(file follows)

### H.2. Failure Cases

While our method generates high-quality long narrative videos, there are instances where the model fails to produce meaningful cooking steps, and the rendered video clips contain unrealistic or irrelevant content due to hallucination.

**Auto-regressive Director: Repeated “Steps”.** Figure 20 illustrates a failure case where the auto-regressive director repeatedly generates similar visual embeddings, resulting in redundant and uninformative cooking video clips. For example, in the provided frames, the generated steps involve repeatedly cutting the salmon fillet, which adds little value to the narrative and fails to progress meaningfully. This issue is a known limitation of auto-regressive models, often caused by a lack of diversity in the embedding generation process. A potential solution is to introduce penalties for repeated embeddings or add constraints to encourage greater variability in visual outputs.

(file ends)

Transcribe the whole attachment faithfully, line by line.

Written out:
### H.2. Failure Cases

While our method generates high-quality long narrative videos, there are instances where the model fails to produce meaningful cooking steps, and the rendered video clips contain unrealistic or irrelevant content due to hallucination.

**Auto-regressive Director: Repeated “Steps”.** Figure 20 illustrates a failure case where the auto-regressive director repeatedly generates similar visual embeddings, resulting in redundant and uninformative cooking video clips. For example, in the provided frames, the generated steps involve repeatedly cutting the salmon fillet, which adds little value to the narrative and fails to progress meaningfully. This issue is a known limitation of auto-regressive models, often caused by a lack of diversity in the embedding generation process. A potential solution is to introduce penalties for repeated embeddings or add constraints to encourage greater variability in visual outputs.